The Income Fund’s strategy remains cautious, holding a below-benchmark equity allocation, which has been beneficial through the recent phase of price weakness. Our current concerns reflect a view that the soft landing priced into markets has become less likely while central banks remain committed to a ‘higher for longer’ approach to monetary policy. This may change in New Zealand in 2024, but it seems too early to position for that. We continue to be positioned short New Zealand dollars, not fully hedging offshore assets. Our fixed interest investments reflect strategy views expressed by the broader fixed interest team, being long duration and retaining inflation-indexed bonds.




This publication is provided for general information purposes only. The information provided is not intended to be financial advice. The information provided is given in good faith and has been prepared from sources believed to be accurate and complete as at the date of issue, but such information may be subject to change. Past performance is not indicative of future results and no representation is made regarding future performance of the Funds. No person guarantees the performance of any funds managed by Harbour Asset Management Limited.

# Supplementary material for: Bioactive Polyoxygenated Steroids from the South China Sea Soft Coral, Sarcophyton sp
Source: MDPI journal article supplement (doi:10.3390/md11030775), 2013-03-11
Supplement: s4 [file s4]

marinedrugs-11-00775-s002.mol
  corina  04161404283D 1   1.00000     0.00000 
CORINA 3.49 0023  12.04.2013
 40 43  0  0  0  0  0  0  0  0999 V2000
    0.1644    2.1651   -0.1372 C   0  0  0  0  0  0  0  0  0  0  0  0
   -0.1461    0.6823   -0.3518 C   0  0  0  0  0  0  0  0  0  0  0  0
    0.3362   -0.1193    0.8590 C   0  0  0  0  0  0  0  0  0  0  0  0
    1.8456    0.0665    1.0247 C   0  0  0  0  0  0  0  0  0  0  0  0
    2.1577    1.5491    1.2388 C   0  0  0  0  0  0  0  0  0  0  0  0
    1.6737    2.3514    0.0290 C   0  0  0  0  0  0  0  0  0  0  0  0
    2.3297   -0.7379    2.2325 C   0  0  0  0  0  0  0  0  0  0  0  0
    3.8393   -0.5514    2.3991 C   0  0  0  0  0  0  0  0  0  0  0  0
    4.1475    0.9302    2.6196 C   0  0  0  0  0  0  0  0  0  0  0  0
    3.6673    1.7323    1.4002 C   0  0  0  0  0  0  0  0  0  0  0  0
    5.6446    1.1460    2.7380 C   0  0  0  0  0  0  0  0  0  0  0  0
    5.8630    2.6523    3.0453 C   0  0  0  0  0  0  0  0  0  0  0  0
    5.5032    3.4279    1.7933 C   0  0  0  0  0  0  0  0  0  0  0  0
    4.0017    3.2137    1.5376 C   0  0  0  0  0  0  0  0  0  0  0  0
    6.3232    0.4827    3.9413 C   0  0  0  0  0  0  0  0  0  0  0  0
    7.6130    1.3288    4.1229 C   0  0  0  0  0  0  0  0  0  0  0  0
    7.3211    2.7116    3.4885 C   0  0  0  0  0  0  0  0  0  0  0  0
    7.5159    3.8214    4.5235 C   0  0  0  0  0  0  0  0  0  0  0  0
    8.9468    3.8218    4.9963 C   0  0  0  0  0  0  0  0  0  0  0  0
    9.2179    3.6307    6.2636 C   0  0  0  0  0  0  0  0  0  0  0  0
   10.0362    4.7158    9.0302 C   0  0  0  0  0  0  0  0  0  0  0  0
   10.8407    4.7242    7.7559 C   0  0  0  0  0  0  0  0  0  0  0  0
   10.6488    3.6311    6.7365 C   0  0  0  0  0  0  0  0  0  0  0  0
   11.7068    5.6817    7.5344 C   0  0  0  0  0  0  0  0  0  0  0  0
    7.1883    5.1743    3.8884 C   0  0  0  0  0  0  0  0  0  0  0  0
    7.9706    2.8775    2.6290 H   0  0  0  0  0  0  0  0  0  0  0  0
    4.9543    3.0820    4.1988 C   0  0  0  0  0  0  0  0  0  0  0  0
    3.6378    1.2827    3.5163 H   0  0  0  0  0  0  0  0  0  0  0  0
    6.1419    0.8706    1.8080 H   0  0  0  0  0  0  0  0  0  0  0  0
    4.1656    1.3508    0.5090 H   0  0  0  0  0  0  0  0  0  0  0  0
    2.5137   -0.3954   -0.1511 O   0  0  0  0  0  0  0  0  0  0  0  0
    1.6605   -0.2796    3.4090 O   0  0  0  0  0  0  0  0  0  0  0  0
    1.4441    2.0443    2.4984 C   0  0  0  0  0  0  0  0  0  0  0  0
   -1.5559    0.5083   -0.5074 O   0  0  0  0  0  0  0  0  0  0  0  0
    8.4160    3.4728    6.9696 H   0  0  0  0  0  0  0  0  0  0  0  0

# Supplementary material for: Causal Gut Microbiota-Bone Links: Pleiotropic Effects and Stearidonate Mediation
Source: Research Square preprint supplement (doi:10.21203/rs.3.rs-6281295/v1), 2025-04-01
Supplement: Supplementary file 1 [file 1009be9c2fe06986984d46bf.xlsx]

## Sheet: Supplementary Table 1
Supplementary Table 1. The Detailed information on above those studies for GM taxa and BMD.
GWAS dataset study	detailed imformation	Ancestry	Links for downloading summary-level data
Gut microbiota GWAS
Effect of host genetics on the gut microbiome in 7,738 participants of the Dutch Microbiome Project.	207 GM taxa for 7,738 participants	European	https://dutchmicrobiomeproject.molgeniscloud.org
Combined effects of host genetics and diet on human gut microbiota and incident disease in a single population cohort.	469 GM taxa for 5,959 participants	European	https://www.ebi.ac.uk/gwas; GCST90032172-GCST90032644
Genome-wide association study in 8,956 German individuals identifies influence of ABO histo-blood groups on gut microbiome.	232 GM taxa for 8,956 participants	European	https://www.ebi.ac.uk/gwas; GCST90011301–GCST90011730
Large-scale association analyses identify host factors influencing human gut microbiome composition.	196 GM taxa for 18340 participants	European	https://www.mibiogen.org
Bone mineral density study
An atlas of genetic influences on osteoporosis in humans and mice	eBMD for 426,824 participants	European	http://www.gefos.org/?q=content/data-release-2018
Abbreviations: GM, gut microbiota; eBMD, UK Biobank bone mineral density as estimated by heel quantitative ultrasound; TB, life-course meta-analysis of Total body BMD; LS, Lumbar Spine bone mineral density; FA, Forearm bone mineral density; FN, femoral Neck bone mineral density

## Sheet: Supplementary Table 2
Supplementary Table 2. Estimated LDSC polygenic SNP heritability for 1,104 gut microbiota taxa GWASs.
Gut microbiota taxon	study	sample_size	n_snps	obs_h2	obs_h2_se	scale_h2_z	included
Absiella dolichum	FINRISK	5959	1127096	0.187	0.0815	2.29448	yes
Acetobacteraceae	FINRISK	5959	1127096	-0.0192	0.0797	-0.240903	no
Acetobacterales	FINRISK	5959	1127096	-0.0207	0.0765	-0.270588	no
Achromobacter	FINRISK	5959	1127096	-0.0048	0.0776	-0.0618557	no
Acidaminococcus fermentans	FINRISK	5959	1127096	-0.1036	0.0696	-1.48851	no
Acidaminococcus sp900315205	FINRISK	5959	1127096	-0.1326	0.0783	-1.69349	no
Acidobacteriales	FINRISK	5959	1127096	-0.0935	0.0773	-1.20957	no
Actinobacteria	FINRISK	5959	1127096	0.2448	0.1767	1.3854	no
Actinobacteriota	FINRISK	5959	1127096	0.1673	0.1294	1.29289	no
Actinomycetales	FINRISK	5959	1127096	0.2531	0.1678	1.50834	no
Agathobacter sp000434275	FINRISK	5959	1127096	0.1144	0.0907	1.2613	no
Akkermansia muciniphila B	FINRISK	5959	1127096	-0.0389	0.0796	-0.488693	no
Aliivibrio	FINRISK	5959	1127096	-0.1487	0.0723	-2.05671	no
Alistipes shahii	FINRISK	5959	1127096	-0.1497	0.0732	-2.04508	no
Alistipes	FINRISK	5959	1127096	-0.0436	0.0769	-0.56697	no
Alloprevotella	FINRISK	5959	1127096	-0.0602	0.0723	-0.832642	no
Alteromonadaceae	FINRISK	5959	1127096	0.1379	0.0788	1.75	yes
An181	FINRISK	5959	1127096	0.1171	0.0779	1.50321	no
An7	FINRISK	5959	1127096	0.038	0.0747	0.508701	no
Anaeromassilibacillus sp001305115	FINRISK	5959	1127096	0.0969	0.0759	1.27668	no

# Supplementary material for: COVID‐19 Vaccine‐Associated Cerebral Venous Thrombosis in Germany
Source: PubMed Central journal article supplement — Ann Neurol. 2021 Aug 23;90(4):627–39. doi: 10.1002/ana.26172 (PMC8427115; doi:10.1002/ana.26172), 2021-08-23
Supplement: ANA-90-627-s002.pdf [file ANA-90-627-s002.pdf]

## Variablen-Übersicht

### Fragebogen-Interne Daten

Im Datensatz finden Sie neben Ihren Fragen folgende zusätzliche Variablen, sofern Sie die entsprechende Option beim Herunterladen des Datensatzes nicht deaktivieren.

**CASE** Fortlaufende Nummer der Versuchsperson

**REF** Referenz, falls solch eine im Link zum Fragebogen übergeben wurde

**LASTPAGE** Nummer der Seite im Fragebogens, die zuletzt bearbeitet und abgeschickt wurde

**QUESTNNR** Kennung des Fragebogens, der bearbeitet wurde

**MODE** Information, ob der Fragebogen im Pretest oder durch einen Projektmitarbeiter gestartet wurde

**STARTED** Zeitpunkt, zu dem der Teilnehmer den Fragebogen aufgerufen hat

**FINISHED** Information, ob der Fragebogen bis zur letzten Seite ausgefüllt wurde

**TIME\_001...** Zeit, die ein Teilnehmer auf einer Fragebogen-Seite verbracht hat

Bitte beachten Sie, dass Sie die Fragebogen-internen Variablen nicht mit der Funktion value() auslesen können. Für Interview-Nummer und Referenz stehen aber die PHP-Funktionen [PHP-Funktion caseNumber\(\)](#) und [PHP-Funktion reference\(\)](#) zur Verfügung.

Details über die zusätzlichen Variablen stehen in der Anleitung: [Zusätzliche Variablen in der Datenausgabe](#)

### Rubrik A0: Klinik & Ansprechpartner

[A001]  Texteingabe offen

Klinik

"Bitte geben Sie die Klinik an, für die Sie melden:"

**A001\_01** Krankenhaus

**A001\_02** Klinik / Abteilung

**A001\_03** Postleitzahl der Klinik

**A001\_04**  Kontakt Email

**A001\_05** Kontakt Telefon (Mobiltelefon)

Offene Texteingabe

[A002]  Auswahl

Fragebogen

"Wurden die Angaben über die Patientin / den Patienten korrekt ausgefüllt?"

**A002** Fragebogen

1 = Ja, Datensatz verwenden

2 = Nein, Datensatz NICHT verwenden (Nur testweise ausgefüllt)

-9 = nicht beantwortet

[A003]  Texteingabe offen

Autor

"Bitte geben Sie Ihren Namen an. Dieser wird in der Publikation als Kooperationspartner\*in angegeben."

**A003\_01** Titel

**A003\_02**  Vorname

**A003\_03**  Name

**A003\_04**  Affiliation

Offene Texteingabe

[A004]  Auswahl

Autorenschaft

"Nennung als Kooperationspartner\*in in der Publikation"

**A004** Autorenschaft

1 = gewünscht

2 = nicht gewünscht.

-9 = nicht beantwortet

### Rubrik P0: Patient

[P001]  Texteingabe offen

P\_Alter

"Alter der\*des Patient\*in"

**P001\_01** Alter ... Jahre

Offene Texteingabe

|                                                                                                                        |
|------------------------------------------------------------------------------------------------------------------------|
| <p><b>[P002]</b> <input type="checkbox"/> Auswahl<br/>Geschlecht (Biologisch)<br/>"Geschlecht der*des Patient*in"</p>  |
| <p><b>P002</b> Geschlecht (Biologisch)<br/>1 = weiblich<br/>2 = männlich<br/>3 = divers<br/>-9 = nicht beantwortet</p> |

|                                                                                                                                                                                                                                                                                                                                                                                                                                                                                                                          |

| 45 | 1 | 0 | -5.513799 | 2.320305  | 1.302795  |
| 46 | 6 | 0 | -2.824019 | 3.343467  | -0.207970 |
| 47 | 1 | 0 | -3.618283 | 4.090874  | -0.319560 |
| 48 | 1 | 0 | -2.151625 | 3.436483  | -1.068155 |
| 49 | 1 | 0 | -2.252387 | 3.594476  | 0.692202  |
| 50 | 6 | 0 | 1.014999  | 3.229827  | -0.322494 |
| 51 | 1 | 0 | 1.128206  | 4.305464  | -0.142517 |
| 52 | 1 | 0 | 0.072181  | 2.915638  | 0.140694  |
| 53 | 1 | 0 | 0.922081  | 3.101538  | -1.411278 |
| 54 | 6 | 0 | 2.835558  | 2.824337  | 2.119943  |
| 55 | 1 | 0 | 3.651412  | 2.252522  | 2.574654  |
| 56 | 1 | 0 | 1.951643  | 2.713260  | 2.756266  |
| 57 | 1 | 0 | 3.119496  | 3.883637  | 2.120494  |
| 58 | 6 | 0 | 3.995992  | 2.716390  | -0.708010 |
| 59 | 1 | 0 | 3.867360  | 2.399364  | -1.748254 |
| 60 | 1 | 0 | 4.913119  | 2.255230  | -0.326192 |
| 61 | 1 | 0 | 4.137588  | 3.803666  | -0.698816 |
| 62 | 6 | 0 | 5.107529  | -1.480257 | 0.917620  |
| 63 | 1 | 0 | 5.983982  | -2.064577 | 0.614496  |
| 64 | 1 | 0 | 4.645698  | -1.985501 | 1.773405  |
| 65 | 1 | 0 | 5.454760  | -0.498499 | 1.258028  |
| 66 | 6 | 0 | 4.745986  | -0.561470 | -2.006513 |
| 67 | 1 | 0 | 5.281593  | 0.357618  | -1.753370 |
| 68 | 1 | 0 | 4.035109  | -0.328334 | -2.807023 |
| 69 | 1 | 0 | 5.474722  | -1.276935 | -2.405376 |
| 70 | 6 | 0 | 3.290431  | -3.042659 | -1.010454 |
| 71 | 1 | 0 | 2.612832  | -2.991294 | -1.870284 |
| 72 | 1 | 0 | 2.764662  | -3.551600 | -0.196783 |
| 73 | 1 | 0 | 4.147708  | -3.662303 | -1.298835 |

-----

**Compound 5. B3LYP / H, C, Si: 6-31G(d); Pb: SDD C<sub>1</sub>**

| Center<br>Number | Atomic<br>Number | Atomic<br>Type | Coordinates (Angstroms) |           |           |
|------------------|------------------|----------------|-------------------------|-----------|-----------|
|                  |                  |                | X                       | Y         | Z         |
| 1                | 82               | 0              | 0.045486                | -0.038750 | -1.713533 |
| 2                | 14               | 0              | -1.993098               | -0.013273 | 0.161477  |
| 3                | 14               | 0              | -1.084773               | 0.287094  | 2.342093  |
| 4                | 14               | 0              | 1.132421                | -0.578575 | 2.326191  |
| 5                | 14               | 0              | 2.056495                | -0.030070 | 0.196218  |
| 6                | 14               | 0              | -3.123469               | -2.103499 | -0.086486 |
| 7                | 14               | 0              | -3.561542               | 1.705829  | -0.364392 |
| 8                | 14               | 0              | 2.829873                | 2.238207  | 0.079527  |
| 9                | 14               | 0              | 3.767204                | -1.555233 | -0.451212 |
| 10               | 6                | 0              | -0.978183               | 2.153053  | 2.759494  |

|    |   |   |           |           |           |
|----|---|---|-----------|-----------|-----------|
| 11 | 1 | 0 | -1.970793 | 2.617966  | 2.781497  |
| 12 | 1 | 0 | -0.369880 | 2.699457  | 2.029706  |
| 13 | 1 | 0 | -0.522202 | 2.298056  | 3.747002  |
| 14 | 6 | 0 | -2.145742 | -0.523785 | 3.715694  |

Harbour Asset Management Limited (Harbour) is the issuer of the Harbour Investment Funds. A copy of the Product Disclosure Statement is available at Harbour is also the issuer of Hunter Investment Funds (Hunter). A copy of the relevant Product Disclosure Statement is available at Please find our quarterly Fund updates, which contain returns and total fees during the previous year on those Harbour and Hunter websites. Harbour also manages wholesale unit trusts. To invest as a wholesale investor, investors must fit the criteria as set out in the Financial Markets Conduct Act 2013.